Blue Suede Knoxville
Blue Suede Knoxville
Such a “reunion” has been arranged this weekend at Preservation Pub, its primary effort being to promote Memphis music label Makeshift’s fourth compilation, which features artists from both cities and will be available at the show. The Rockwells’ Tommy Bateman says of the Memphis-Knoxville connection, “It’s interesting. For some bands that don’t currently have a base in Memphis, that relationship is based on history. For example, sometimes it’s people who used to be in a band together [Bateman retains close contact with his old Memphis band, Passport Again ]. And sometimes Makeshift comes in contact with bands they think are likeminded.” Bateman’s newer project, Tommy Bateman and the Thunder Thieves , is made up of several multi-instrumental Rockwellians and some pals, bringing its hybridized orchestral-folk style to the show this Saturday. And Memphis’ The Glass plays with a squalling splendor that can only be described as chronistic—not at all like all that damn untimely Southern literature that singer Brad Bailey dismissed with an acrid wave of the hand in an interview with MP circa February.
The Makeshift Orchestra , which also goes by the alternate title Makeshift Travelling Circus , features different players on any given day, intended to showcase Makeshift’s diversity. For this show, one of the label’s founder’s, Brad Posthlelwaite , who also plays with Snowglobe and anticipates the release of his forthcoming solo project, will play with singer-songwriter Blair Combest . “It promises to be fresh,” says Bateman. “They’re definitely about constantly reinventing songs.” We’re betting, too, that in the spirit of experimentation, they’ll have some joiners up on stage. Check it out this Saturday, May 20, round about 10 p.m. at the Preservation Pub.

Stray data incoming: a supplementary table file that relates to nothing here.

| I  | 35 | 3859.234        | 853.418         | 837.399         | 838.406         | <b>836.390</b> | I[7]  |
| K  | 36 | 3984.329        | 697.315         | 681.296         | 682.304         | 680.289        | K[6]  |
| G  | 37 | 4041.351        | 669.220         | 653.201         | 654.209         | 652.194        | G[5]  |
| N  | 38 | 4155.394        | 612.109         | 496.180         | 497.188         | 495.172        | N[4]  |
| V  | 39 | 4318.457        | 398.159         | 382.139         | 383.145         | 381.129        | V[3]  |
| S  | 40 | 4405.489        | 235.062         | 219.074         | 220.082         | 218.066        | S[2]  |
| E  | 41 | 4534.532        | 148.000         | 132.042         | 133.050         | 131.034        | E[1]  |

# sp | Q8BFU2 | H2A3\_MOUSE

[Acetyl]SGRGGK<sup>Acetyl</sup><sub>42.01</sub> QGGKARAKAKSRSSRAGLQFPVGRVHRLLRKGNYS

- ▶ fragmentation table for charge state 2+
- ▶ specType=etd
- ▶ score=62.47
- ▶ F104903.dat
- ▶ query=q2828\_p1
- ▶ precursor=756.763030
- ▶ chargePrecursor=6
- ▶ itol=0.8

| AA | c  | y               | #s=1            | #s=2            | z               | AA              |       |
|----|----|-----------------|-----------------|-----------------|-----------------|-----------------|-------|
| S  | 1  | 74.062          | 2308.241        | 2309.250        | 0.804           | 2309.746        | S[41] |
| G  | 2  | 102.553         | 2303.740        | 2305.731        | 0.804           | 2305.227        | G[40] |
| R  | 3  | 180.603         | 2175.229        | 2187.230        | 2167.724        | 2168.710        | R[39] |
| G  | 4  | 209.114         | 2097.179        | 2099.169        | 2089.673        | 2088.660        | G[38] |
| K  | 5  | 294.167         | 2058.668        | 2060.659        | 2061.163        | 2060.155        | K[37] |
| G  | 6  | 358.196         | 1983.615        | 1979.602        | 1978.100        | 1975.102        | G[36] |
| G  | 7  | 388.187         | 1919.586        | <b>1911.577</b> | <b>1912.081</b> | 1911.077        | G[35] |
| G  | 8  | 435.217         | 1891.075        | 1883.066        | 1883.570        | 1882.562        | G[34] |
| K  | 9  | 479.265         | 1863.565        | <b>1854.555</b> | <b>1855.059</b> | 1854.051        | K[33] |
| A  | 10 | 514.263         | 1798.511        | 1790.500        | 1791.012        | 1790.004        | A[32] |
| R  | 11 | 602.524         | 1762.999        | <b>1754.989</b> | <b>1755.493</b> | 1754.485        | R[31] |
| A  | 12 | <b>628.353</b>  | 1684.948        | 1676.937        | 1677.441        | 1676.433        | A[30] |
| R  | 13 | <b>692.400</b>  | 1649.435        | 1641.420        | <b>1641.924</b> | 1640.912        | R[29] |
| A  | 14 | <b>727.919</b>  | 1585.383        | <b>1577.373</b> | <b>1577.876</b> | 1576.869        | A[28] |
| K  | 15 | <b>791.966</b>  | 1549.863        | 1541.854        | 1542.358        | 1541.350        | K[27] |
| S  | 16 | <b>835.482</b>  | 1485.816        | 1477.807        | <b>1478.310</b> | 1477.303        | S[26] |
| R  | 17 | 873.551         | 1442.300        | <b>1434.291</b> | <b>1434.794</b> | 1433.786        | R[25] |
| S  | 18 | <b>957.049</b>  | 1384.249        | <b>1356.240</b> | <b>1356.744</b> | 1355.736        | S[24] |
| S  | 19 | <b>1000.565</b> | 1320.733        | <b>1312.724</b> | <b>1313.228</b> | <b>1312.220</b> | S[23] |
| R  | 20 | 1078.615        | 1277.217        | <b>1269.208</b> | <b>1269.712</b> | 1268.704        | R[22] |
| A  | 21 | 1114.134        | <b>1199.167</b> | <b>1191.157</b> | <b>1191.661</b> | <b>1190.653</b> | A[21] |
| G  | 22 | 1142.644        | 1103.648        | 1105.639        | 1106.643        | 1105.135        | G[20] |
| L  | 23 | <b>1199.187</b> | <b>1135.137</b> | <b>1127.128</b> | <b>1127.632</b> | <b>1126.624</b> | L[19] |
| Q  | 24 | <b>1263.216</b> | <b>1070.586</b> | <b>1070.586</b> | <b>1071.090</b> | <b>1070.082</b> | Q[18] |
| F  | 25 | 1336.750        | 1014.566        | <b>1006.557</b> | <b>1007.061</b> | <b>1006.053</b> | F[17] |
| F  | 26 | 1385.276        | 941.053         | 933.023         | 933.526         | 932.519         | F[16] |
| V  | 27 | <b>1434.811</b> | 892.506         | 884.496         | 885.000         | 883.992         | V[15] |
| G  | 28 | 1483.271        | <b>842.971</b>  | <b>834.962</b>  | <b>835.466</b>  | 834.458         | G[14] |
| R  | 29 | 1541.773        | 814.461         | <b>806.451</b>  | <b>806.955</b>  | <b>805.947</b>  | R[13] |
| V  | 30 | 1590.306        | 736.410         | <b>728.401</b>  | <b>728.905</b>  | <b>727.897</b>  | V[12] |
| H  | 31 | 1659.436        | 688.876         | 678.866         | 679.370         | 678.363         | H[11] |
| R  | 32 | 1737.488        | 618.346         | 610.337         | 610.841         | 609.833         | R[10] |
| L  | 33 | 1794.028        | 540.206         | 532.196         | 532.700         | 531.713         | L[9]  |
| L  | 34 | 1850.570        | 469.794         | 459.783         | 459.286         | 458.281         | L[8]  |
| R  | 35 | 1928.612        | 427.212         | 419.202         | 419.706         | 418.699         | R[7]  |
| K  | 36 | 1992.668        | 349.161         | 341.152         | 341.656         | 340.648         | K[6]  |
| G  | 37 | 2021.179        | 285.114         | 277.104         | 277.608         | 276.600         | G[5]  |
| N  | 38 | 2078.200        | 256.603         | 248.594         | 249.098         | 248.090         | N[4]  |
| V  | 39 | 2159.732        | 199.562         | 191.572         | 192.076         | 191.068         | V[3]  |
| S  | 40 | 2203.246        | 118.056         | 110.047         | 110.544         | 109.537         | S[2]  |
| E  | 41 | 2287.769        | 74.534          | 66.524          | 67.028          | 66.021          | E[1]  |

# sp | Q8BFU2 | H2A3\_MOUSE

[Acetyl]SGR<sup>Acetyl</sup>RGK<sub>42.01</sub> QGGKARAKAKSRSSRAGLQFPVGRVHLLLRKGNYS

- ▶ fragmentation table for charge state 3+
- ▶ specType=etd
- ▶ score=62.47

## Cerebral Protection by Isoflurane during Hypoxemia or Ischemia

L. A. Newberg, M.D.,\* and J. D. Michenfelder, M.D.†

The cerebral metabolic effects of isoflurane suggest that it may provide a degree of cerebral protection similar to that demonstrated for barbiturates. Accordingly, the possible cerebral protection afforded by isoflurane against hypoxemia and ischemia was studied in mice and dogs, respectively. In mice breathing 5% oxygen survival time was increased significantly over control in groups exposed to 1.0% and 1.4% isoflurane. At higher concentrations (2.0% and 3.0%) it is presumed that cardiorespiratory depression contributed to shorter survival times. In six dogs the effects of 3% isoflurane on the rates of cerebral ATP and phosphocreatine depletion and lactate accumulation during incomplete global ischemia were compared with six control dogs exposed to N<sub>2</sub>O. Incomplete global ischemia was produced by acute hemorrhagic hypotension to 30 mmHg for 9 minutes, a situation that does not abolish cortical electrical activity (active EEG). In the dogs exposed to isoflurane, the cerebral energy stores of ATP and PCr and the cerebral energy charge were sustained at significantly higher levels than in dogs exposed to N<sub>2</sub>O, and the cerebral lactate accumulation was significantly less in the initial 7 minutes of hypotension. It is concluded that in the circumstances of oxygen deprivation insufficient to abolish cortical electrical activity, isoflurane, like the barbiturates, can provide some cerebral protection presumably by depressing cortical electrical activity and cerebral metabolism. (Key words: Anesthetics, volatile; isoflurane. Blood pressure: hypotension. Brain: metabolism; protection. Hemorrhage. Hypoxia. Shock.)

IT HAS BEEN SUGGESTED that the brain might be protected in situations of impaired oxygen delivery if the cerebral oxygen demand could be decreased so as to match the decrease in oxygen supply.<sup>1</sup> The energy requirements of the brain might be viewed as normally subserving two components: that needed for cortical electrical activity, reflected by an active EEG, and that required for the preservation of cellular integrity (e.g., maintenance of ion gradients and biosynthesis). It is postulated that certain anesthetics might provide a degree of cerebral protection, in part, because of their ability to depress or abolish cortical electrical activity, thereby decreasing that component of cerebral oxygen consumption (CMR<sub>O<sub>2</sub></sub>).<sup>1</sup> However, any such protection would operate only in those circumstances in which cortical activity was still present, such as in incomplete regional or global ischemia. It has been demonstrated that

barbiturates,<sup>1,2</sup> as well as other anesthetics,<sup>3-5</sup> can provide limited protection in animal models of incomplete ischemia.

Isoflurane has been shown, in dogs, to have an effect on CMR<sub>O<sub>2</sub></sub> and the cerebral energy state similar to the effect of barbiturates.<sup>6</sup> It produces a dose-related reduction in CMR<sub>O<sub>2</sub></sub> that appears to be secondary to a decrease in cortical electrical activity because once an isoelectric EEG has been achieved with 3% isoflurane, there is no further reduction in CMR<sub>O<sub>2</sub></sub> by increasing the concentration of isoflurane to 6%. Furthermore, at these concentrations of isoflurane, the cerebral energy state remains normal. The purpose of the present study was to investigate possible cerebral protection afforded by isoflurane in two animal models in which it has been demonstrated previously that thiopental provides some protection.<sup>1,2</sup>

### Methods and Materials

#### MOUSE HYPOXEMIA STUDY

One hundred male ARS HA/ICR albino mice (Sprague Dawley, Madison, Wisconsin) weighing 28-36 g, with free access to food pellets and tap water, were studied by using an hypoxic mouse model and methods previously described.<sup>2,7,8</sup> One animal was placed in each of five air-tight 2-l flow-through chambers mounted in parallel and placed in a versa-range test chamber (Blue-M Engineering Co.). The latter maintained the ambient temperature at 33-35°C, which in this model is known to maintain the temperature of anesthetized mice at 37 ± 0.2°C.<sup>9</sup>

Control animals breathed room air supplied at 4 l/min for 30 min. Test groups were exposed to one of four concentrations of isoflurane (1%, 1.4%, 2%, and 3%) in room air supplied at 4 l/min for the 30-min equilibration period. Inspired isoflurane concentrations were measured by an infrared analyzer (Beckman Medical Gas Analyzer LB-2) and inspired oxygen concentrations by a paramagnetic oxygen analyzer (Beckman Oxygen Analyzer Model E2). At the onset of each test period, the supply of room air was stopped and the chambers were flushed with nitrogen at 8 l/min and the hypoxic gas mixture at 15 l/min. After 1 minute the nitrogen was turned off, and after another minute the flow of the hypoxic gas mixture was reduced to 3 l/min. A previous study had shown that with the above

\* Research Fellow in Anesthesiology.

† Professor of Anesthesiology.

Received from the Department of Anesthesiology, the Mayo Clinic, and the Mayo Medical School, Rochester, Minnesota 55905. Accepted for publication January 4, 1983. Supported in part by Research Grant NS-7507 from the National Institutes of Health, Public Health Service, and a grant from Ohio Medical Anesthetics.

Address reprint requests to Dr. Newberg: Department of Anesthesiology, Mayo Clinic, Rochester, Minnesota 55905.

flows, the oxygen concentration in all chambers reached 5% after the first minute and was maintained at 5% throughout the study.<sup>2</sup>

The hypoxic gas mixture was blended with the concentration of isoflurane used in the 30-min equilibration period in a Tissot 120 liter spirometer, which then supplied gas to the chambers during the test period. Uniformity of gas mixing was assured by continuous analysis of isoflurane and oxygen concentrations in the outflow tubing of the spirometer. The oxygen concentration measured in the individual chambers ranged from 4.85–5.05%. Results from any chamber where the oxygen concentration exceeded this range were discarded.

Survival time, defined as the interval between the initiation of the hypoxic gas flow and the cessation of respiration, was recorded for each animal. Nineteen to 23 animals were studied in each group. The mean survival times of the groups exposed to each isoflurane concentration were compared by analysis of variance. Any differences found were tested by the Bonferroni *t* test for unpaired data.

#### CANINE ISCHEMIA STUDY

They wish they had some whisky.
At last, an announcer exclaims, “The show is fixin’ to begin. Can we give a warm welcome home to [drum roll] a man who’s traded licks with Joan Baez and Jerry Garcia , Ralph Stanley and Del McCoury , Jimmy Martin and the New York Philharmonic …our very own Mr. Frank Wakefield !”
A rust-bucket cheer goes up from the crowd as Wakefield wobbles onto the stage. He lifts a hand into the air and a devilish grin spreads across his face, which is partially obscured by bushy silver eyebrows. Then he lowers the hand until the fingers hook on the strings of his weatherworn mandolin. Like magic, the fingers start to wiggle.
All heckfire, past and present, suddenly breaks loose in the little auditorium. Chords shoot from Wakefield’s instrument with the velocity of lightning bolts, colliding mid-air with the audience’s thunderous applause. They know they’re in the presence of a homegrown Emory Gap madman. He cackles mid-song, I wrote this one for you.